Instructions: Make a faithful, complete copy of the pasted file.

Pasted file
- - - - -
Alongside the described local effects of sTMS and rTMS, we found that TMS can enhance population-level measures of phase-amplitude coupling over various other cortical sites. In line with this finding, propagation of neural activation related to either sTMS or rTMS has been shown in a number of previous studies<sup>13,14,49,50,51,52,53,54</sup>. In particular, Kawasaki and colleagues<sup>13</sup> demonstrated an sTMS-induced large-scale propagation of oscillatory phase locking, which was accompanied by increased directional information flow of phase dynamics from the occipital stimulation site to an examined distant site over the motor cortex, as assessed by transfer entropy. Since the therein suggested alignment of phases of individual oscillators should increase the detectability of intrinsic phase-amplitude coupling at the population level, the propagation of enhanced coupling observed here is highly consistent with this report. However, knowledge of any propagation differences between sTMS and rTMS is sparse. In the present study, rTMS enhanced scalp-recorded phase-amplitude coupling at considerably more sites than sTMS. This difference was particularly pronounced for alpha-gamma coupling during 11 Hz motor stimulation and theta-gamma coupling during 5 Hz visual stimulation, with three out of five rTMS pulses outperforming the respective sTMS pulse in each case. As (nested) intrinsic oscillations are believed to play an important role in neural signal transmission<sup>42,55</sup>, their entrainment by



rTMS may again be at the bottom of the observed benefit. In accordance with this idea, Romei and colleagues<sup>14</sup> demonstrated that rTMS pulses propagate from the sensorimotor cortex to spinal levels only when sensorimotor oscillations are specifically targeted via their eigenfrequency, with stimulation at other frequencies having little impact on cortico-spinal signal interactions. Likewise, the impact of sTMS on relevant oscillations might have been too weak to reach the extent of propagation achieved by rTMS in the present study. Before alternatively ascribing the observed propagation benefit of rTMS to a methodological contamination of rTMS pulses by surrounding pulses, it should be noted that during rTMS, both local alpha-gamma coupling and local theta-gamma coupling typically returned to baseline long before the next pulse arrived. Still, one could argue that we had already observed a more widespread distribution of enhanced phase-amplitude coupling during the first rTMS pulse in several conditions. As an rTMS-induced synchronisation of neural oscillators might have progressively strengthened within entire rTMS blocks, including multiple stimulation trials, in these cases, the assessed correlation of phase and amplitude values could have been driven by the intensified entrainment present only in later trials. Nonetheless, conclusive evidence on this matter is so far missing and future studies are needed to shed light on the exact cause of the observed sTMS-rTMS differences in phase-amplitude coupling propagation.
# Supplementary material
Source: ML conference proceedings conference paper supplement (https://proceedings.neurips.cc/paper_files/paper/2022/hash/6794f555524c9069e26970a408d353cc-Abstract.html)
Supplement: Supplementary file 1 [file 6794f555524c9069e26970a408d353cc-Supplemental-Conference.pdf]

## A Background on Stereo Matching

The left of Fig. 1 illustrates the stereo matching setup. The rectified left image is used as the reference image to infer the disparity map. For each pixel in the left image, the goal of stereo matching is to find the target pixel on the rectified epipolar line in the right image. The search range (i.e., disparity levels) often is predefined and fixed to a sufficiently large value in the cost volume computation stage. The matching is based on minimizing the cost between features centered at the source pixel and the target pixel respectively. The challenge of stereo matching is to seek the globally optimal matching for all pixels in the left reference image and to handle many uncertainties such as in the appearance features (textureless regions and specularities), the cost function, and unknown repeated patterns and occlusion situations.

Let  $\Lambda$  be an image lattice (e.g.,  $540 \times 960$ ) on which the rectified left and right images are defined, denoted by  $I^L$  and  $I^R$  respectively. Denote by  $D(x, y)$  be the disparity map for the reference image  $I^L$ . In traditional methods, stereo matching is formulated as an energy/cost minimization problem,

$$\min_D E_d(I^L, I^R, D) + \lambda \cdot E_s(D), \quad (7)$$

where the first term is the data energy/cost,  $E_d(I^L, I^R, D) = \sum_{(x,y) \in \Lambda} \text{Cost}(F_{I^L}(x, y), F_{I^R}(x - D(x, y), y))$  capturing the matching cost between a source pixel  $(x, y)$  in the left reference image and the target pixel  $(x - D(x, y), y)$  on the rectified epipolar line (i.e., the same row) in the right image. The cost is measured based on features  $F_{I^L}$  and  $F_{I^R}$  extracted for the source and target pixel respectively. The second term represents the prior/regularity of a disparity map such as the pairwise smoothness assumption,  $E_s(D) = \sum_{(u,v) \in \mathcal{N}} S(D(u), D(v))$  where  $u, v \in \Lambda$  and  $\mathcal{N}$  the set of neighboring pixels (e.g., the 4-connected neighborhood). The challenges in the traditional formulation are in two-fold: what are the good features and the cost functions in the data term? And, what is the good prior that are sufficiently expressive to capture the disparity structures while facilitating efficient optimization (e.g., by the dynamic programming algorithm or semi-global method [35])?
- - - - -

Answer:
Alongside the described local effects of sTMS and rTMS, we found that TMS can enhance population-level measures of phase-amplitude coupling over various other cortical sites. In line with this finding, propagation of neural activation related to either sTMS or rTMS has been shown in a number of previous studies<sup>13,14,49,50,51,52,53,54</sup>. In particular, Kawasaki and colleagues<sup>13</sup> demonstrated an sTMS-induced large-scale propagation of oscillatory phase locking, which was accompanied by increased directional information flow of phase dynamics from the occipital stimulation site to an examined distant site over the motor cortex, as assessed by transfer entropy. Since the therein suggested alignment of phases of individual oscillators should increase the detectability of intrinsic phase-amplitude coupling at the population level, the propagation of enhanced coupling observed here is highly consistent with this report. However, knowledge of any propagation differences between sTMS and rTMS is sparse. In the present study, rTMS enhanced scalp-recorded phase-amplitude coupling at considerably more sites than sTMS. This difference was particularly pronounced for alpha-gamma coupling during 11 Hz motor stimulation and theta-gamma coupling during 5 Hz visual stimulation, with three out of five rTMS pulses outperforming the respective sTMS pulse in each case. As (nested) intrinsic oscillations are believed to play an important role in neural signal transmission<sup>42,55</sup>, their entrainment by



rTMS may again be at the bottom of the observed benefit. In accordance with this idea, Romei and colleagues<sup>14</sup> demonstrated that rTMS pulses propagate from the sensorimotor cortex to spinal levels only when sensorimotor oscillations are specifically targeted via their eigenfrequency, with stimulation at other frequencies having little impact on cortico-spinal signal interactions. Likewise, the impact of sTMS on relevant oscillations might have been too weak to reach the extent of propagation achieved by rTMS in the present study. Before alternatively ascribing the observed propagation benefit of rTMS to a methodological contamination of rTMS pulses by surrounding pulses, it should be noted that during rTMS, both local alpha-gamma coupling and local theta-gamma coupling typically returned to baseline long before the next pulse arrived. Still, one could argue that we had already observed a more widespread distribution of enhanced phase-amplitude coupling during the first rTMS pulse in several conditions. As an rTMS-induced synchronisation of neural oscillators might have progressively strengthened within entire rTMS blocks, including multiple stimulation trials, in these cases, the assessed correlation of phase and amplitude values could have been driven by the intensified entrainment present only in later trials. Nonetheless, conclusive evidence on this matter is so far missing and future studies are needed to shed light on the exact cause of the observed sTMS-rTMS differences in phase-amplitude coupling propagation.
# Supplementary material
Source: ML conference proceedings conference paper supplement (https://proceedings.neurips.cc/paper_files/paper/2022/hash/6794f555524c9069e26970a408d353cc-Abstract.html)
Supplement: Supplementary file 1 [file 6794f555524c9069e26970a408d353cc-Supplemental-Conference.pdf]

## A Background on Stereo Matching

The left of Fig. 1 illustrates the stereo matching setup. The rectified left image is used as the reference image to infer the disparity map. For each pixel in the left image, the goal of stereo matching is to find the target pixel on the rectified epipolar line in the right image. The search range (i.e., disparity levels) often is predefined and fixed to a sufficiently large value in the cost volume computation stage. The matching is based on minimizing the cost between features centered at the source pixel and the target pixel respectively. The challenge of stereo matching is to seek the globally optimal matching for all pixels in the left reference image and to handle many uncertainties such as in the appearance features (textureless regions and specularities), the cost function, and unknown repeated patterns and occlusion situations.

Let  $\Lambda$  be an image lattice (e.g.,  $540 \times 960$ ) on which the rectified left and right images are defined, denoted by  $I^L$  and  $I^R$  respectively. Denote by  $D(x, y)$  be the disparity map for the reference image  $I^L$ . In traditional methods, stereo matching is formulated as an energy/cost minimization problem,

$$\min_D E_d(I^L, I^R, D) + \lambda \cdot E_s(D), \quad (7)$$

where the first term is the data energy/cost,  $E_d(I^L, I^R, D) = \sum_{(x,y) \in \Lambda} \text{Cost}(F_{I^L}(x, y), F_{I^R}(x - D(x, y), y))$  capturing the matching cost between a source pixel  $(x, y)$  in the left reference image and the target pixel  $(x - D(x, y), y)$  on the rectified epipolar line (i.e., the same row) in the right image. The cost is measured based on features  $F_{I^L}$  and  $F_{I^R}$  extracted for the source and target pixel respectively. The second term represents the prior/regularity of a disparity map such as the pairwise smoothness assumption,  $E_s(D) = \sum_{(u,v) \in \mathcal{N}} S(D(u), D(v))$  where  $u, v \in \Lambda$  and  $\mathcal{N}$  the set of neighboring pixels (e.g., the 4-connected neighborhood). The challenges in the traditional formulation are in two-fold: what are the good features and the cost functions in the data term? And, what is the good prior that are sufficiently expressive to capture the disparity structures while facilitating efficient optimization (e.g., by the dynamic programming algorithm or semi-global method [35])?